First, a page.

wherein C=total amount of carbohydrates, L=corrected carbohydrate ratio, BST=target blood sugar, BSR=blood sugar reading, and VIS=Insulin sensitivity calculated by diving 1800 by the variable daily total amount of insulin forecasted by the person.
4. The apparatus as claimed in claim 3 wherein the measuring means for determining the person's bold sugar level is a glucose concentration measuring system.
5. A method of determining a person's carbohydrate ratio, being the relation between carbohydrates intake and insulin needed to digest those carbohydrates, for any given time comprising the steps of;
determining the person's blood sugar level immediately before a meal;
determining the amount of carbohydrates and sugar ingested by the person during the meal;
determining an initial amount of insulin (G) to be injected immediately before the meal calculated by the following formula:
G=(C/CR)+(BSR−BST)/FIS
wherein C=total amount of carbohydrates in the meal, CR=initial carbohydrate ratio assigned to the person, BSR=the person's blood sugar
determining the person's blood sugar level (J) after ingested meal's digestion has been completed;
determining a corrected carbohydrate ratio (L) for the time the meal was ingested, calculated by the following formula:
L=C/(((J−BST)/ViS)+(C/E))
wherein L=Corrected Carbohydrate Ratio, C=total amount of carbohydrates in the meal, J=Blood Sugar Reading after digestion, BST=target blood sugar assigned to the person, VIS=Forecasted Insulin Sensitivity calculated by diving 1800 by the variable daily total amount of insulin forecasted by the person, E=initial person's carbohydrate ratio.
6. A method in accordance with claim 5 for determining a person's variable insulin sensitivity, further comprising the steps of:
determining the variable daily total amount of insulin the person forecasts for the day for the meals to be eaten (VIS); and
determining person's variable insulin sensitivity calculated by the following formula:
ViS=1800/variable daily total amount of insulin forecasted by the person.
7. A method in accordance with claim 5 for determining a person's carbohydrate ratio, further comprising the steps of:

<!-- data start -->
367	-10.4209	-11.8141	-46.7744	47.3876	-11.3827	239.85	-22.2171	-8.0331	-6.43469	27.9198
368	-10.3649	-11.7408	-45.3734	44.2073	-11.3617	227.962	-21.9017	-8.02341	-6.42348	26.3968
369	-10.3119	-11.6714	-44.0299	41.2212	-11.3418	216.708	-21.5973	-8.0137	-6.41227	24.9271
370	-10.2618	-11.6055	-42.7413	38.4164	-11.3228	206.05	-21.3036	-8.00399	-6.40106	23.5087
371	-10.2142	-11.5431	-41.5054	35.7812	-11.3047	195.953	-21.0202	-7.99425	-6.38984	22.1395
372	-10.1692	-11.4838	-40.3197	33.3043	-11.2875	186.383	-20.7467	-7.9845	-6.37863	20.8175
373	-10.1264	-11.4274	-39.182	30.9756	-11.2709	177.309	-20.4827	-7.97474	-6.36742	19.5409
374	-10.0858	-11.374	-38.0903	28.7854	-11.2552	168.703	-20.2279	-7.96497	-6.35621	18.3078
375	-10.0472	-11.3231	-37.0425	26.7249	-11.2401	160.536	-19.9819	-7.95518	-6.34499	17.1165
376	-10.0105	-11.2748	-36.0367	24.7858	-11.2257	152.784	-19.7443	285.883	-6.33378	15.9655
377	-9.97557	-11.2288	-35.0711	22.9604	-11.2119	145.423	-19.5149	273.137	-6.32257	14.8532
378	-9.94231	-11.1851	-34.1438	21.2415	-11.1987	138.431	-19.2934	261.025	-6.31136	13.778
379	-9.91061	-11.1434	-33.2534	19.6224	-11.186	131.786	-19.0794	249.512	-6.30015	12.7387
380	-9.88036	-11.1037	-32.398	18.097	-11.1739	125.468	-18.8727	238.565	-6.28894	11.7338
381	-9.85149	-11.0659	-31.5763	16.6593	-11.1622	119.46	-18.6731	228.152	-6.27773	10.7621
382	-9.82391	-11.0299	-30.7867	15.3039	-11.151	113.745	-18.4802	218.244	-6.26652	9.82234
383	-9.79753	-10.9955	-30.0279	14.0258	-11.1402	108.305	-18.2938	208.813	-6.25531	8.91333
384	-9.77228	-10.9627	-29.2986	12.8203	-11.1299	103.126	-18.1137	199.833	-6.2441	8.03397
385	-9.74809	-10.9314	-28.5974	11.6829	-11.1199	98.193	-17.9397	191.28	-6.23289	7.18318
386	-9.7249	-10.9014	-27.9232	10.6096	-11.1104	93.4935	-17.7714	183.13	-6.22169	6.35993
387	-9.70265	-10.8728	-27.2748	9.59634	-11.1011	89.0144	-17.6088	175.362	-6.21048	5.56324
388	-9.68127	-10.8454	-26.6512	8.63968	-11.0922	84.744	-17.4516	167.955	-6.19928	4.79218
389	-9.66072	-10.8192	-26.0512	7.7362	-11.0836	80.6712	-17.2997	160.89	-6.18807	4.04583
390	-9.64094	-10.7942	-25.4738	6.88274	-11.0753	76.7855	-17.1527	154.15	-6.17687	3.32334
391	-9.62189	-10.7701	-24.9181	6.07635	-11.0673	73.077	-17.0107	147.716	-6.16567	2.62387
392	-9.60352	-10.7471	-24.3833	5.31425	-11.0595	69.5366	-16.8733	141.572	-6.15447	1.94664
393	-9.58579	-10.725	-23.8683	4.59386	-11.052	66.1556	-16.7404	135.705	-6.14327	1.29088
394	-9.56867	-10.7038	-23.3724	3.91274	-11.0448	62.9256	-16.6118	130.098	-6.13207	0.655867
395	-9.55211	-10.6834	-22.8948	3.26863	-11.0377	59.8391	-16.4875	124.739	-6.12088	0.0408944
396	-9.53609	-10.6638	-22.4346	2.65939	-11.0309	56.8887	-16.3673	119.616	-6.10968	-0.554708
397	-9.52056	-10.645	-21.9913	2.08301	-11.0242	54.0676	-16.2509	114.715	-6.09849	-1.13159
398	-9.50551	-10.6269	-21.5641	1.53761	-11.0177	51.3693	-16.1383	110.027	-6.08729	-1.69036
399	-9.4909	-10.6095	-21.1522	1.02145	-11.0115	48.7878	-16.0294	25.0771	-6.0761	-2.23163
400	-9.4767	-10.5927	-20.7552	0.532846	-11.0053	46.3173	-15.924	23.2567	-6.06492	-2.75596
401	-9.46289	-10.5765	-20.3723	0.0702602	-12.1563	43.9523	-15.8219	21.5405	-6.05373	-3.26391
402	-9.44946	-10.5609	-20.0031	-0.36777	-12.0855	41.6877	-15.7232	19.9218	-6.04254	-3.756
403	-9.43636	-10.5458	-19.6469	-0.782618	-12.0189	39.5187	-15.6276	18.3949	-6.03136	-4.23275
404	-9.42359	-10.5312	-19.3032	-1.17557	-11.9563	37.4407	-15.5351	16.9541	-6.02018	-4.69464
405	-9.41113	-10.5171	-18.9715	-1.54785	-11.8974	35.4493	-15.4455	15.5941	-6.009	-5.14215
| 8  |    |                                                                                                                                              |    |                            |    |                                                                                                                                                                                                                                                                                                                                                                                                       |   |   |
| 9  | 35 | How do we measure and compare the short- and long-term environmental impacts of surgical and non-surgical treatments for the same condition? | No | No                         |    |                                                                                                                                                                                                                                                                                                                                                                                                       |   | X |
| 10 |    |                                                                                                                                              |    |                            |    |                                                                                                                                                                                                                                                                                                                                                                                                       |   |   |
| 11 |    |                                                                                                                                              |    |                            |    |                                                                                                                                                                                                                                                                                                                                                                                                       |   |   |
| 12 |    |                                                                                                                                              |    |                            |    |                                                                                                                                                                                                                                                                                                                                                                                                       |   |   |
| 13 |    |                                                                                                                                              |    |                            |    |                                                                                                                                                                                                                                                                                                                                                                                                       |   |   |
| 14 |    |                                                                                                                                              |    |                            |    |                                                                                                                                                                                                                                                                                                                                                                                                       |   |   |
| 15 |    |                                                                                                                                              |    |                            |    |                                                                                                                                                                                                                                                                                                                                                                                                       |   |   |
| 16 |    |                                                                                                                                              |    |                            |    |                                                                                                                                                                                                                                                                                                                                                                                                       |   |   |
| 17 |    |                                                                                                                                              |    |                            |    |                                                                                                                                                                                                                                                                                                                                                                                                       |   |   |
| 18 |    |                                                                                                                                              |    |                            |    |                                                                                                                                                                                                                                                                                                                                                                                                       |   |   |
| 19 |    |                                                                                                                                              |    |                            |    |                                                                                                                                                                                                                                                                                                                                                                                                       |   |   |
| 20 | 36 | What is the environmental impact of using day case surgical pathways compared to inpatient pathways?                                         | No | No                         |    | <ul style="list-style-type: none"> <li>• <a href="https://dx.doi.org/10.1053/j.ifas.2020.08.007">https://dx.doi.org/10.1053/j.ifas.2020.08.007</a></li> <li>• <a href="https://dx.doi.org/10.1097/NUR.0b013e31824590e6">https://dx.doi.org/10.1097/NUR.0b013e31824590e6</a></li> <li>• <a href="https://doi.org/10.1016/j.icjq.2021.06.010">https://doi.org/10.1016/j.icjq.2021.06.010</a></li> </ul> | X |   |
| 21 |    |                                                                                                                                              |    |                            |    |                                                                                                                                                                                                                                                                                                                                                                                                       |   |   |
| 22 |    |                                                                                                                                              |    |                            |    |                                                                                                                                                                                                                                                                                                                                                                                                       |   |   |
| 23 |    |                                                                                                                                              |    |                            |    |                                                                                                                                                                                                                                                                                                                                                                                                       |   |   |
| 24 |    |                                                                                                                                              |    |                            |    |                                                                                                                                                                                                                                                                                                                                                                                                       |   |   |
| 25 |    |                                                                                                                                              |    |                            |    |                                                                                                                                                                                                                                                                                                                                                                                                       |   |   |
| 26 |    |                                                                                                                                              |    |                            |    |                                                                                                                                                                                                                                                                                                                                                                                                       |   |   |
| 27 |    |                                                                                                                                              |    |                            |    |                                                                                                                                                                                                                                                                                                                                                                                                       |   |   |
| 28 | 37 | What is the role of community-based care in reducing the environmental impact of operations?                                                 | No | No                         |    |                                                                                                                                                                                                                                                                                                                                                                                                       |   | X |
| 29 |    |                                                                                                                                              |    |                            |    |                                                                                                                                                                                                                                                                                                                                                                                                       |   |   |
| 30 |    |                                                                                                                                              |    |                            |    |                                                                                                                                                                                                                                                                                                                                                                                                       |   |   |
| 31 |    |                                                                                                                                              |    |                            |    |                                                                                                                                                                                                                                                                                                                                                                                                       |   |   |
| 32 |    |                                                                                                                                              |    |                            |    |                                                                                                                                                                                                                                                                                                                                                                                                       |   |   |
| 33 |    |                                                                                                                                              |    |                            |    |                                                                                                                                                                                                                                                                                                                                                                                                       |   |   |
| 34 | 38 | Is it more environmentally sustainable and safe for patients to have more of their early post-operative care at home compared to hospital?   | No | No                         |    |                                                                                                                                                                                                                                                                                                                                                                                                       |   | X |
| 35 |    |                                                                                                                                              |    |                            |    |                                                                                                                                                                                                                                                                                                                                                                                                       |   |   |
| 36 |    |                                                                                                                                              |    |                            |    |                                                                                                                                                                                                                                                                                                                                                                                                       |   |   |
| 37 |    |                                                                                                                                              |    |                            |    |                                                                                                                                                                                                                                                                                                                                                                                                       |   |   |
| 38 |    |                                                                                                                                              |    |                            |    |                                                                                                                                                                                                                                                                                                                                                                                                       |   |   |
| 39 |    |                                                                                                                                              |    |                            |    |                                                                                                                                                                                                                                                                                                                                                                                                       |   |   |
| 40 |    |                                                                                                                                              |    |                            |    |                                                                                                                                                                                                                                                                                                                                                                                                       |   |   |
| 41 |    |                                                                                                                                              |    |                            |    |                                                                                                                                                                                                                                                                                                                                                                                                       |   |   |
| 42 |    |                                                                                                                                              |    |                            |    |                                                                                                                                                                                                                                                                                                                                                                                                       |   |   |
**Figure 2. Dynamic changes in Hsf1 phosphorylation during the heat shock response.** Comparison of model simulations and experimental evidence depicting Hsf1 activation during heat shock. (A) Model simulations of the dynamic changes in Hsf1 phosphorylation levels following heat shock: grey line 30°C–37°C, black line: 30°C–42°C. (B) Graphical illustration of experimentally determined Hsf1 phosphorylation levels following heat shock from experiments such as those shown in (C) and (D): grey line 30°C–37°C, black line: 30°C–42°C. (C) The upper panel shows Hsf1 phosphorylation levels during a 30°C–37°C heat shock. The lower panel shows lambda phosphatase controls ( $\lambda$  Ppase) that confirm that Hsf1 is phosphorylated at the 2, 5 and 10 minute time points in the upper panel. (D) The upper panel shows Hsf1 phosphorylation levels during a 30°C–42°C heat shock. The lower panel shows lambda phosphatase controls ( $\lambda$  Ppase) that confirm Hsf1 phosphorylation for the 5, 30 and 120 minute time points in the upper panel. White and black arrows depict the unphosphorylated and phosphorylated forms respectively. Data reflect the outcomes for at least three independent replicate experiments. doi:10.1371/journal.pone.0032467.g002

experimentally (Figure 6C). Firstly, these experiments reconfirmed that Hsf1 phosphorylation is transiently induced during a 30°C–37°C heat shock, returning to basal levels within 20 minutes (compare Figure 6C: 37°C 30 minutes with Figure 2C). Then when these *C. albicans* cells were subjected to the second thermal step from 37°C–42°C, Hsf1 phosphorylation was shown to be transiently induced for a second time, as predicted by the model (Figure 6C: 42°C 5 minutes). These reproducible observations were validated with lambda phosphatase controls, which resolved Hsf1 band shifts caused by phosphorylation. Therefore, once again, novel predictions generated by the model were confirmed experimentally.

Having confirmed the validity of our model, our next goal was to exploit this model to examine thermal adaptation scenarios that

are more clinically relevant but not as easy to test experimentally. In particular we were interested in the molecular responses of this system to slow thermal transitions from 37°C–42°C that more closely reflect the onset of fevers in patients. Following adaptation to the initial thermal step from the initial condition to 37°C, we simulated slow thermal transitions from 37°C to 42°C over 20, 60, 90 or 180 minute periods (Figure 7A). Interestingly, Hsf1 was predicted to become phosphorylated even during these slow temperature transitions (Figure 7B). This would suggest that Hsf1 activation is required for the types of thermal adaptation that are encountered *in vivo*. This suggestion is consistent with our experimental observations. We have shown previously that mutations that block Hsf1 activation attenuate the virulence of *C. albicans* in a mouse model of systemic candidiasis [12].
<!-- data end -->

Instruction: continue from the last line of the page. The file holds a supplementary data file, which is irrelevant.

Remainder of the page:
determining at least three (3) Corrected Carbohydrate Ratios (L) for different times, covering the period of time person is used to ingest food; and
determining a curve that represents persons carbohydrate ratio as function of time.
8. A method of determining a person's required amount of insulin (Bolus) to be injected into person in order to achieve person's blood sugar level target after ingested food has been digested (or after a chosen period of time) comprising the steps of:
determining the person's blood sugar level before a meal (BSR);
determining the amount of carbohydrates and sugar ingested by the person during that meal (C);
determining the variable insulin sensitivity (VIS) being calculated by diving 1800 by the variable daily total amount of insulin forecasted by the person;
determining the Corrected Carbohydrate Ratio (L) for the time of the day the meal is being eaten, calculated by the following formula:
L=C/(((BSR−BST)/VIS)−(C/E))
determining the amount of insulin (Bolus) by the following formula:
Bolus=(C/L)+(J−BST)/VIS
wherein C=total amount of carbohydrates for the meal, L=Corrected Carbohydrate Ratio for the time the meal is being eaten, J=person's blood sugar reading immediately before the meal, BST=target blood sugar, VIS=Forecasted Insulin Sensitivity calculated by diving 1800 by the variable daily total amount of insulin forecasted by the person, E=initial person's carbohydrate ratio.